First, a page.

The emerging field of digital therapeutics has developed new tools with the promise to either replace or supplement traditional medical devices and therapies.

Increasingly, it appears that the general public is open to using these digital tools as part of their part of their treatment options.

A new report from PWC found that 54 percent of surveyed consumers would be open to trying an FDA approved digital app or online tool to treat their medical condition.

What’s more is that the report found that 56 percent of physicians have brought up the potential for a digital therapy as an option for their patients, and 26 percent have discussed the option after a patient brought it up.

Some of the benefits of digital therapies are clear: treatment adherence is more easily monitored and side effects from digital therapeutics are generally less severe than in traditional treatments.

Additionally there’s been a steady rise in connected health services and the general prevalence of digital health tools. Case in point, a Rock Health report released last summer found that in 2017, around 87 percent of survey respondents adopted at least one digital health tool, which included telemedicine visits and online provider reviews.

Traditional biopharma companies have also started to put serious cash behind efforts to incorporate digital therapy solutions alongside traditional drugs.

One recent case is the partnership between smart pill startup Proteus Digital Health and Japanese pharma company Otsuka on Abilify MyCite, a digital sensor inside a pill which which records medication adherence for the anti-psychotic medication. The Silicon Valley company, which has raised nearly $500 million from investors like Novartis and Otsuka, has now entered into the oncology space with a digital version of a chemotherapy medication often used to treat breast and gastrointestinal cancers.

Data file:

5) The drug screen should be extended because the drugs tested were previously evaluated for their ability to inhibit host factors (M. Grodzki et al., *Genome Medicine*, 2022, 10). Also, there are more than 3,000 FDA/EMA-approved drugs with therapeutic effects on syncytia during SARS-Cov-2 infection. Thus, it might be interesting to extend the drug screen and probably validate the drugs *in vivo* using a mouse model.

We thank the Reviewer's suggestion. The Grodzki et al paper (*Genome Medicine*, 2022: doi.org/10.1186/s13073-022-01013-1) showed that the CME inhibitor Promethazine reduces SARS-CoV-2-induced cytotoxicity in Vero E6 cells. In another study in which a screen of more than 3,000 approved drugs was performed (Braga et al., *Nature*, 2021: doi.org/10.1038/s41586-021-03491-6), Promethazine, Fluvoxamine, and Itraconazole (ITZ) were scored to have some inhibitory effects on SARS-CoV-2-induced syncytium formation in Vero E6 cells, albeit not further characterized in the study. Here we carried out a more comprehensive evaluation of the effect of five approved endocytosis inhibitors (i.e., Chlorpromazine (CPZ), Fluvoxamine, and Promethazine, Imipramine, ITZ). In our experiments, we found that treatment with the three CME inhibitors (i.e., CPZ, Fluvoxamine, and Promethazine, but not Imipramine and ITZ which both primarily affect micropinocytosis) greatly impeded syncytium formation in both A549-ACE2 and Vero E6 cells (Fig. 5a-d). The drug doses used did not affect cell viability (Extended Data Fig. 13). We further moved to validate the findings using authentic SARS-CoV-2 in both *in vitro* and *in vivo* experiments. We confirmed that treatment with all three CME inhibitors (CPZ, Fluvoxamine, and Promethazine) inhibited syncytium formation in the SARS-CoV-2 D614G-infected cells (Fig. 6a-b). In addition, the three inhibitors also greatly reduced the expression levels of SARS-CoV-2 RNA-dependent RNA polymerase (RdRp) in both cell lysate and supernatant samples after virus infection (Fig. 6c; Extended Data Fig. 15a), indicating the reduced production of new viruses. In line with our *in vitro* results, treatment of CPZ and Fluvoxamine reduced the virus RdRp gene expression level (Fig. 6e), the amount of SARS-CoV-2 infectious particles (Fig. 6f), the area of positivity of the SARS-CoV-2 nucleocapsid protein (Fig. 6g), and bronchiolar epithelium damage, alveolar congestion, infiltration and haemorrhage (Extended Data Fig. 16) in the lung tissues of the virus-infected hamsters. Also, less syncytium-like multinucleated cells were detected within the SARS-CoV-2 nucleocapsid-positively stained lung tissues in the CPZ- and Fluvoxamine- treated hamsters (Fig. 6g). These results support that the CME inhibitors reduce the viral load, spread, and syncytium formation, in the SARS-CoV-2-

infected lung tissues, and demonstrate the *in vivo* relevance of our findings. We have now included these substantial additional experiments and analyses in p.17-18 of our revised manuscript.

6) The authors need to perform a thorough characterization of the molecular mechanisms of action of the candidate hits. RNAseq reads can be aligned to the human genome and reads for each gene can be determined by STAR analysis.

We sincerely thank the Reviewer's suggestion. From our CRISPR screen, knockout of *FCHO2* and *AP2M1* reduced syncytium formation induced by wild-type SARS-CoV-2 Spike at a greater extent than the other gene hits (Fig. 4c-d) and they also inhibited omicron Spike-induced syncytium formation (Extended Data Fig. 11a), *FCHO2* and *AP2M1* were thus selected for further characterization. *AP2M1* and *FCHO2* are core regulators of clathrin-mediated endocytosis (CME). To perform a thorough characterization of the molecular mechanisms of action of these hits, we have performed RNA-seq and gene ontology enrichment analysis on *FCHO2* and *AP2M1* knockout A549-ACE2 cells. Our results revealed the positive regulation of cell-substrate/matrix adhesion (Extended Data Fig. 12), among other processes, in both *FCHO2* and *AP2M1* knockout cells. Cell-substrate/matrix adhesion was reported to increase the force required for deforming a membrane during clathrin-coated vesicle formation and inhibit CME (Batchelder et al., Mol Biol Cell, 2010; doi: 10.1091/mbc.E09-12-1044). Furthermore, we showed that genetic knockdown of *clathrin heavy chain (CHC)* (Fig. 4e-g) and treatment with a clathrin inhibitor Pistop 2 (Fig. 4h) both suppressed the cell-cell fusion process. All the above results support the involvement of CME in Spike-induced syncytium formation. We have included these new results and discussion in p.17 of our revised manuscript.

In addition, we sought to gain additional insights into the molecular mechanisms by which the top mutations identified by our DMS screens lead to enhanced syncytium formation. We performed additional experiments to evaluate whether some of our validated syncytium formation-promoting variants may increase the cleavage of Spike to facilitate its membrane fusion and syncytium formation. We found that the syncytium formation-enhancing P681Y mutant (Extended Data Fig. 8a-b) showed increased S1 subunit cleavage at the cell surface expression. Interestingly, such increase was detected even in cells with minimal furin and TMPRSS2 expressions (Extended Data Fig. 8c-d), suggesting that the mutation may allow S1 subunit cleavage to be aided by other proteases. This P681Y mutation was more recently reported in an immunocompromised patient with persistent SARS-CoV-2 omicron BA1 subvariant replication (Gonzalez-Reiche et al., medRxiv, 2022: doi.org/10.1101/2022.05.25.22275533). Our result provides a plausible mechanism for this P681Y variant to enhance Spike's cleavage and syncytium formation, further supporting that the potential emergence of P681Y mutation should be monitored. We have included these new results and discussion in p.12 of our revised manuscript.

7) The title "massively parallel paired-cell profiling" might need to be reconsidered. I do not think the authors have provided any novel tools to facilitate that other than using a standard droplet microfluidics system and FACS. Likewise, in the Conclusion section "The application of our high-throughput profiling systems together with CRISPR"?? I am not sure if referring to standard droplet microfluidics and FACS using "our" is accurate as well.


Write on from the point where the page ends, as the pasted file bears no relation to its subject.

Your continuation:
Digital therapies have been pitched as a possible aid when drugs and substance abuse themselves are the issue. Novartis and Pear Therapeutics teamed up on an FDA-cleared app-based therapy called reSET-O meant to increase retention for opioid addicts in outpatient treatment programs. The application is part of a larger partnership between the two companies to advance digital therapeutics supplementing Novartis drugs for schizophrenia and multiple sclerosis.

“I think we will see a lot more collaboration between pharmaceutical and technology companies to drive this forward, ultimately to the benefit of patients,” the report quotes GlaxoSmithKline Commercial Data Officer Sai Jasti as saying.

However, one instance mentioned by the PWC report, a birth control app created by Swedish company Natural Cycles illustrates some of the untested nature of the industry. The company has drawn scrutiny from Swedish authorities over its contraceptive claims and unwanted pregnancies from those using the app.

There are more than a few barriers (aside from patient interest) standing in the way of large-scale adoption of these sorts of digital tools in clinical practice.

For one, details are still being worked out Version 1.0 of the agency’s working model on the FDA’s “pre-cert” program, which is meant to create a regulatory pathway more in line with the software iteration cycle necessary to develop these kinds of technology.

The working model relies on an initial judgement of the developers of the program through a so-called Excellence Appraisal which would put companies on a pathway to more personalized regulatory review and approval. The first approvals under this new framework are expected to come sometime this year.

Still, public interest in the area has been matched by both regulatory action and potential reimbursement for remote patient monitoring and digital consults to provide the financial lift to promote adoption.

Photo: Getty Images, photo_chaz



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